All LDL figures are calculated, but it is likely that my blood lipids are now massively superior (the LDL particle size has probably greatly improved and the elimination of PUFA ‘vegetable’ oils reduces the danger of oxidised LDL**) and the sole medication I currently take is the fluindione as a blood thinner (mediating risk of ischemic stroke from AF), in respect of which I am very happy with my TC number, since the range 200-240 seems to be something of a sweet spot (risk of haemorrhagic stroke increasing greatly below 160; risk of ischemic stroke increasing greatly above 300, or maybe 280).

    **Dr Sigurdsson, what is your take on the idea that it is *oxidised* LDL that is the real culprit in the development of atherosclerosis?

    • Kevin. Congrats on your results, I think they are fantastic. I believe you have substantially improved your health although you are seeing higher LDL-C numbers than before.

      Circulating cholesterol is not a problem in itself. It is not until cholesterol is trapped within the vessel wall that it becomes a part of the atherosclerotic process. Oxidation of cholesterol within the arterial wall certainly plays a role among many other factors, inflammation being one of them.

  10. I voted for staying with the LCHF diet as is for the reasons pointed out by some of your readers. Many people experience a transient increase in LDL-C initially when eating LCHF, particularly if they are losing weight. However, eventually it usually goes back down. Some people will always have higher LDL cholesterol than others,and whether elevated levels contribute to heart disease risk is a controversial topic. At any rate, the benefits of lower TG, higher HDL, and well controlled blood sugar are universally agreed upon, and I feel Peter should stick with LCHF, which will likely result in further improvement of these values.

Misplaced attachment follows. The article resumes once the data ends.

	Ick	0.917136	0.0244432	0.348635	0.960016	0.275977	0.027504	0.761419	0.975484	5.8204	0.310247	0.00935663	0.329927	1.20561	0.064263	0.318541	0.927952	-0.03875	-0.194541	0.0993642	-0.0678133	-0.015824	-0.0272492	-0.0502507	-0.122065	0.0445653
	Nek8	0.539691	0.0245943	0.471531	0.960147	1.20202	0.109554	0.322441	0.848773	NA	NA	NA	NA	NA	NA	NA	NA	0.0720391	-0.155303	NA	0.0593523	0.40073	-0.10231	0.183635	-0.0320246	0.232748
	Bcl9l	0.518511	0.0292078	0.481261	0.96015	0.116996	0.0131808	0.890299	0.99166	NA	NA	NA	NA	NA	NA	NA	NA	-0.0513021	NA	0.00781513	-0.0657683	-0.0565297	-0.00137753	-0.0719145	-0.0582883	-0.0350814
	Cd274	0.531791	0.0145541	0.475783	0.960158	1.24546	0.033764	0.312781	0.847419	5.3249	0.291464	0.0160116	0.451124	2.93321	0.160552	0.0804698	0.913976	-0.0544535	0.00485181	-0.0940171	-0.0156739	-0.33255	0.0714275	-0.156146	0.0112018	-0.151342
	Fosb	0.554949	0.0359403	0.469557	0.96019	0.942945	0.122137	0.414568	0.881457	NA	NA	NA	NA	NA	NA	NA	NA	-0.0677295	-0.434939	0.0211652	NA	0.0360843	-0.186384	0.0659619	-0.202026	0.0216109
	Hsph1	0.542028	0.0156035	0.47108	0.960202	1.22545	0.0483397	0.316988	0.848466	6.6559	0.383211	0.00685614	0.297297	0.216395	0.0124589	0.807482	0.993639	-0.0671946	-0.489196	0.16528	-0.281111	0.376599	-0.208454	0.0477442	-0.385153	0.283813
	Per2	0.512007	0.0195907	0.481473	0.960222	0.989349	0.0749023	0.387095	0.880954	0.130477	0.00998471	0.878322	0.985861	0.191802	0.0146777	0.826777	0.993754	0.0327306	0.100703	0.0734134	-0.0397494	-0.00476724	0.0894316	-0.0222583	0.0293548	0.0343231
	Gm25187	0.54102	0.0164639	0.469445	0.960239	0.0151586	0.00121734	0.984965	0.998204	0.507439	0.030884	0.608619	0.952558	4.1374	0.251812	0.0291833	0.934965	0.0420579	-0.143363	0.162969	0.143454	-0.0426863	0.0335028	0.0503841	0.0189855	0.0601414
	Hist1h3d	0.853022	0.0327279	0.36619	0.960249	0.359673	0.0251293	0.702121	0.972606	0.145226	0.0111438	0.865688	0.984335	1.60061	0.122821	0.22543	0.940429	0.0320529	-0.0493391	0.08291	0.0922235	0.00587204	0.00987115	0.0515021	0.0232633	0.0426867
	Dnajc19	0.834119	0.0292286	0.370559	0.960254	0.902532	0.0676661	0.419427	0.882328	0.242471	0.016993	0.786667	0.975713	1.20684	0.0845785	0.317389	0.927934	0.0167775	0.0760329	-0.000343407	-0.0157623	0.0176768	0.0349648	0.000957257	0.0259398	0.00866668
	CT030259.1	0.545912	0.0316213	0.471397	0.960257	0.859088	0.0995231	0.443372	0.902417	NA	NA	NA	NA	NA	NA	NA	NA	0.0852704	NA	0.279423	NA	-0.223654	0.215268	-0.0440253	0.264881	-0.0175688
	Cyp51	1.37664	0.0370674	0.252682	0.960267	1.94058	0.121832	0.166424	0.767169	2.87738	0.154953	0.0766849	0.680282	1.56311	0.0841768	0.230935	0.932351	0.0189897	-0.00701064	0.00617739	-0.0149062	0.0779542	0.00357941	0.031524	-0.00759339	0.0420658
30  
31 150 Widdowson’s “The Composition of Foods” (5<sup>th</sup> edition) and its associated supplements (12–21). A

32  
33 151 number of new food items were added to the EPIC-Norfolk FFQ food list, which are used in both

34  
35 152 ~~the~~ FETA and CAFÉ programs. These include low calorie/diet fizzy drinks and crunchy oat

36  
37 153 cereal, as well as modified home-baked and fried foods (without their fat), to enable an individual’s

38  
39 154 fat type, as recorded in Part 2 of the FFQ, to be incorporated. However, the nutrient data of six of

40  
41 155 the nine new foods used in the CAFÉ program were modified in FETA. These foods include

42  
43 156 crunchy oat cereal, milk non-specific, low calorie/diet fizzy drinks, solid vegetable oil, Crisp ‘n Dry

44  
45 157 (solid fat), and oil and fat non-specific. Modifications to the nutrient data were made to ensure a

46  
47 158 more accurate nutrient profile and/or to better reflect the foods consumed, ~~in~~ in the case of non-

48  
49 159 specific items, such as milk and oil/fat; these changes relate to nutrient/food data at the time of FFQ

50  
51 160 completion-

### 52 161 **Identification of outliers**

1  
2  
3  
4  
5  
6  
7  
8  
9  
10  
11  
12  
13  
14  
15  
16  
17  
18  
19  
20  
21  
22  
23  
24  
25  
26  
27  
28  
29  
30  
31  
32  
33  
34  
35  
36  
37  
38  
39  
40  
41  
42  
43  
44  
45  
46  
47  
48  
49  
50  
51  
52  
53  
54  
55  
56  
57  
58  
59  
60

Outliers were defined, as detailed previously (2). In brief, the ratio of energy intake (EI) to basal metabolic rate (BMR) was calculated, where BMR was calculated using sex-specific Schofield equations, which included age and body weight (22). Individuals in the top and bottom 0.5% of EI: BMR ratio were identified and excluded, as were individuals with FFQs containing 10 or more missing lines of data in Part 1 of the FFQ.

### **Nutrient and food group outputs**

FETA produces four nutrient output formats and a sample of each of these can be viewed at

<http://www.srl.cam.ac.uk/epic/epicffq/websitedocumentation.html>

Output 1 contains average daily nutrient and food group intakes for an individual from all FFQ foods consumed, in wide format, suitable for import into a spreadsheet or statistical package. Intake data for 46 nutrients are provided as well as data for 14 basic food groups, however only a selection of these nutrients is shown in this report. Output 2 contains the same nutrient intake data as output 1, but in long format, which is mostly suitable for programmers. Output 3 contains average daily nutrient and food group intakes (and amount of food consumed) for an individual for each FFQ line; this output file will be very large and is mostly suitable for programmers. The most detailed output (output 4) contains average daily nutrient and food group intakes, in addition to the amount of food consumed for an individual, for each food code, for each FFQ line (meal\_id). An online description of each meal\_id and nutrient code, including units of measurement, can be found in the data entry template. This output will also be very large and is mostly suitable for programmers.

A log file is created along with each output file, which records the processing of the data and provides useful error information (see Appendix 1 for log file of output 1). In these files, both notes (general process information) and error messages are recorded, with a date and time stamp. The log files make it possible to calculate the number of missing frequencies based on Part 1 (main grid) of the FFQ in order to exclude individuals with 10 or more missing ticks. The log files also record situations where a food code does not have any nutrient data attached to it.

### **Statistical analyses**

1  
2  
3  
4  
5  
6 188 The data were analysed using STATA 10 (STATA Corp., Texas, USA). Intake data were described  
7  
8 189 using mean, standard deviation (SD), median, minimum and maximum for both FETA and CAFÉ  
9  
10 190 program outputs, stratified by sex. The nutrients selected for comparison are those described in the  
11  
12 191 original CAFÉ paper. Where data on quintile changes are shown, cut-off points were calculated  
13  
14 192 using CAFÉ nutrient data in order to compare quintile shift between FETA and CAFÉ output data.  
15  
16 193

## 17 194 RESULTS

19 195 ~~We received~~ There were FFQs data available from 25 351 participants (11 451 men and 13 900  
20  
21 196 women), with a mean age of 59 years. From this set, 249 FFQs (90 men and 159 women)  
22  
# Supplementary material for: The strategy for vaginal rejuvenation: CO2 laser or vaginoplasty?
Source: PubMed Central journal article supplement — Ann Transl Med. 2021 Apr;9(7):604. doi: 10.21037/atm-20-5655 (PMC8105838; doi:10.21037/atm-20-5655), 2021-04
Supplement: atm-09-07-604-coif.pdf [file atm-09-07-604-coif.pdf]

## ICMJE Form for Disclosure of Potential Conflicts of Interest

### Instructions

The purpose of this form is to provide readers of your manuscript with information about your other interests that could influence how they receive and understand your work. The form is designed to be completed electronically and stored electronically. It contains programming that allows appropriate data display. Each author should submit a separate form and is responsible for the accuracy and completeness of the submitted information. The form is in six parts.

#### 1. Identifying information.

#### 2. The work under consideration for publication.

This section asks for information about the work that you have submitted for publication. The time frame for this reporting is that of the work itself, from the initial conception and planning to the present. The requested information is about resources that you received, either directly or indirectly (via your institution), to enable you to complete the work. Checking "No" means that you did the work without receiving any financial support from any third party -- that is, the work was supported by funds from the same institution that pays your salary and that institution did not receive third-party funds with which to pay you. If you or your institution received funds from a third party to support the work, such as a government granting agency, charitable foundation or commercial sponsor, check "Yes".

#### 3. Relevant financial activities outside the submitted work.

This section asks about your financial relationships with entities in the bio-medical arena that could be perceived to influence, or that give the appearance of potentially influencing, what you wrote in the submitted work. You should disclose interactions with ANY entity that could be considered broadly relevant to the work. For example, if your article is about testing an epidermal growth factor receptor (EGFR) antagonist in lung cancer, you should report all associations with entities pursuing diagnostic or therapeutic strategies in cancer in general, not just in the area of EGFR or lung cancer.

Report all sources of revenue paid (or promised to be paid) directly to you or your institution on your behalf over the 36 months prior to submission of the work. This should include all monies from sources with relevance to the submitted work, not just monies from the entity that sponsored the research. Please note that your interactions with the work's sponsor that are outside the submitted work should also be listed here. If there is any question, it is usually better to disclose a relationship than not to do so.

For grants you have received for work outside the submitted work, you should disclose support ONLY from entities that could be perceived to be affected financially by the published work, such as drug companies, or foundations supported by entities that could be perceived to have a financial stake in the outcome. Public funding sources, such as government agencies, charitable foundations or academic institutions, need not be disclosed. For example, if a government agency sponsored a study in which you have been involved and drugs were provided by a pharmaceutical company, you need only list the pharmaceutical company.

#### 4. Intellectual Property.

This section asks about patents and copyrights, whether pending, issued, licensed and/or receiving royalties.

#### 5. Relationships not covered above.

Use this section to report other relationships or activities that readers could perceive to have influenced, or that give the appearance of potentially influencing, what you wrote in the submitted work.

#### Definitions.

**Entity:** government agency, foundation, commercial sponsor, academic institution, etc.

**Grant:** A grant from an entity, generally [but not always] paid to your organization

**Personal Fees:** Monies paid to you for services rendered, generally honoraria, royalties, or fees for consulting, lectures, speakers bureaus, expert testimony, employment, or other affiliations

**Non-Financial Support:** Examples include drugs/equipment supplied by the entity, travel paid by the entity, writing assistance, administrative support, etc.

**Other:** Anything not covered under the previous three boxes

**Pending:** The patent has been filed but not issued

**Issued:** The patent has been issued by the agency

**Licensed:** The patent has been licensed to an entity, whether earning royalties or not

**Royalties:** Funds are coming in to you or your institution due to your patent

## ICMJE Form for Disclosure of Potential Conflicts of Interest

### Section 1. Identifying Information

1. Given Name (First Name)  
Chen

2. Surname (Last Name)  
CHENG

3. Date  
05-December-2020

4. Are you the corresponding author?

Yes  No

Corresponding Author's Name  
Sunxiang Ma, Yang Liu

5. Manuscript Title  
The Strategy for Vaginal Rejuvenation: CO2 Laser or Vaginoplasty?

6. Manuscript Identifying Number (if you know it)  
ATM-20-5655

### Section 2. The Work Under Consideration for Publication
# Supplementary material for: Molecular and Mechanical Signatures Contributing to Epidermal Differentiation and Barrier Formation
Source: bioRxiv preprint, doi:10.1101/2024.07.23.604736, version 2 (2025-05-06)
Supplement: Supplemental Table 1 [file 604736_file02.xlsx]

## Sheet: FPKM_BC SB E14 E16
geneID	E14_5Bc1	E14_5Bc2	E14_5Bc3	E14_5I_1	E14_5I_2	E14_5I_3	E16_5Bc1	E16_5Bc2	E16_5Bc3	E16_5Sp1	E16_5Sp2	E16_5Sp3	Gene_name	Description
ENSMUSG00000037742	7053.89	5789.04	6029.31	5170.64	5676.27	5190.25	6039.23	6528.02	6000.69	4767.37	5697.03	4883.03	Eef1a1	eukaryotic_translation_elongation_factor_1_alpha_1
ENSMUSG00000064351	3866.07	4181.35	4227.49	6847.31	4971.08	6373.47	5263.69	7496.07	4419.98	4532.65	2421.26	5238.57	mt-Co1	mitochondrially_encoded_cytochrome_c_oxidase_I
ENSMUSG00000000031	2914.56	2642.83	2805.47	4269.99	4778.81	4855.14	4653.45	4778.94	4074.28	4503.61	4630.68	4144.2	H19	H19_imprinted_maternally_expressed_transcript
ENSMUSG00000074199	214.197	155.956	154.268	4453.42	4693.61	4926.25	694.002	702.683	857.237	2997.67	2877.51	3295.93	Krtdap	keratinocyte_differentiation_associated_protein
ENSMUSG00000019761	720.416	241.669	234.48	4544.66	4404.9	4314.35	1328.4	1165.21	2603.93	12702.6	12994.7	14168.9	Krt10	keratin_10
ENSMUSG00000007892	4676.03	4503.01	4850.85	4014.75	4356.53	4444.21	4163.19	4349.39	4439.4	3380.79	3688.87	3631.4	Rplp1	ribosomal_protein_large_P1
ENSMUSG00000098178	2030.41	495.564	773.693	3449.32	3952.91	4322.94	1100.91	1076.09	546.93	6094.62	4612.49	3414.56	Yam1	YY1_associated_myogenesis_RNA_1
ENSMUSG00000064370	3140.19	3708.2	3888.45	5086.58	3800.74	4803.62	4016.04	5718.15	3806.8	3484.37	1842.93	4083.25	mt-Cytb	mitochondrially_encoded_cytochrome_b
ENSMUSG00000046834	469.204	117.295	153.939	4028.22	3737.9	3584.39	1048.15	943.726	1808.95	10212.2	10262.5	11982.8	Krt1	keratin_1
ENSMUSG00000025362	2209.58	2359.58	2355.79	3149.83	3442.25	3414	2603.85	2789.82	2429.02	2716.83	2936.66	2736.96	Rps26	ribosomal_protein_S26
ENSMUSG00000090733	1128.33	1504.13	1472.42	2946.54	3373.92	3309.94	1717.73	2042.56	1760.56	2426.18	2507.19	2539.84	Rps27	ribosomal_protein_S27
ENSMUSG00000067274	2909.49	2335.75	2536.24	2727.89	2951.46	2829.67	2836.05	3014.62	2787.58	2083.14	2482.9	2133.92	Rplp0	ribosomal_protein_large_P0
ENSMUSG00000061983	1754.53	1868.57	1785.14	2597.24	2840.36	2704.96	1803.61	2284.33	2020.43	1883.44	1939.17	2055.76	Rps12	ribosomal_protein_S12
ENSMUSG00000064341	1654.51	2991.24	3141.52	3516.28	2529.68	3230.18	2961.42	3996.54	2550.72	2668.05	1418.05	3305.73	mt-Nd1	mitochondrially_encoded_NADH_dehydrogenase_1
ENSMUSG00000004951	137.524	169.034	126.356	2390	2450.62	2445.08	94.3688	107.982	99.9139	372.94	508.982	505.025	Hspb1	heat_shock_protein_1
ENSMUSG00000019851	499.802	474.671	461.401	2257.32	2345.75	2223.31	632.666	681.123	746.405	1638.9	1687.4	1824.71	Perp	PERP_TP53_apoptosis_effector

11. I voted to stay on the low-carb, high-fat diet, but I think it’s very useful to point out that you don’t have to “assume” or “guess” that the LDL cholesterol is switching over to the large, fluffy type that seems to not be a concern as it comes to heart disease. You can do a test and see for sure.

    I’d have him continue on for several more months and with the next bloodwork do the more detailed test that will tell him what type of LDL he is producing. Then, depending on the results, you and he can decide what the best approach is.

  12. Try to get most of his calories from fruits like bananas and dates and those kinds of things. Make fruits be the number one snack and what ever possible. Endless benefits and nothing negative, the people who just eat fruit, even crazy amounts of fruit are extremely skinny. Add to that vegetables, nuts, bread, rice and things like that. I totally agree with his wife, avoid animal fat and animal protein. A billion skinny Asians eating rice proves that rice does not make you fat so nothing to worry about when it comes to rice and potatoes even though they are not the best food for you.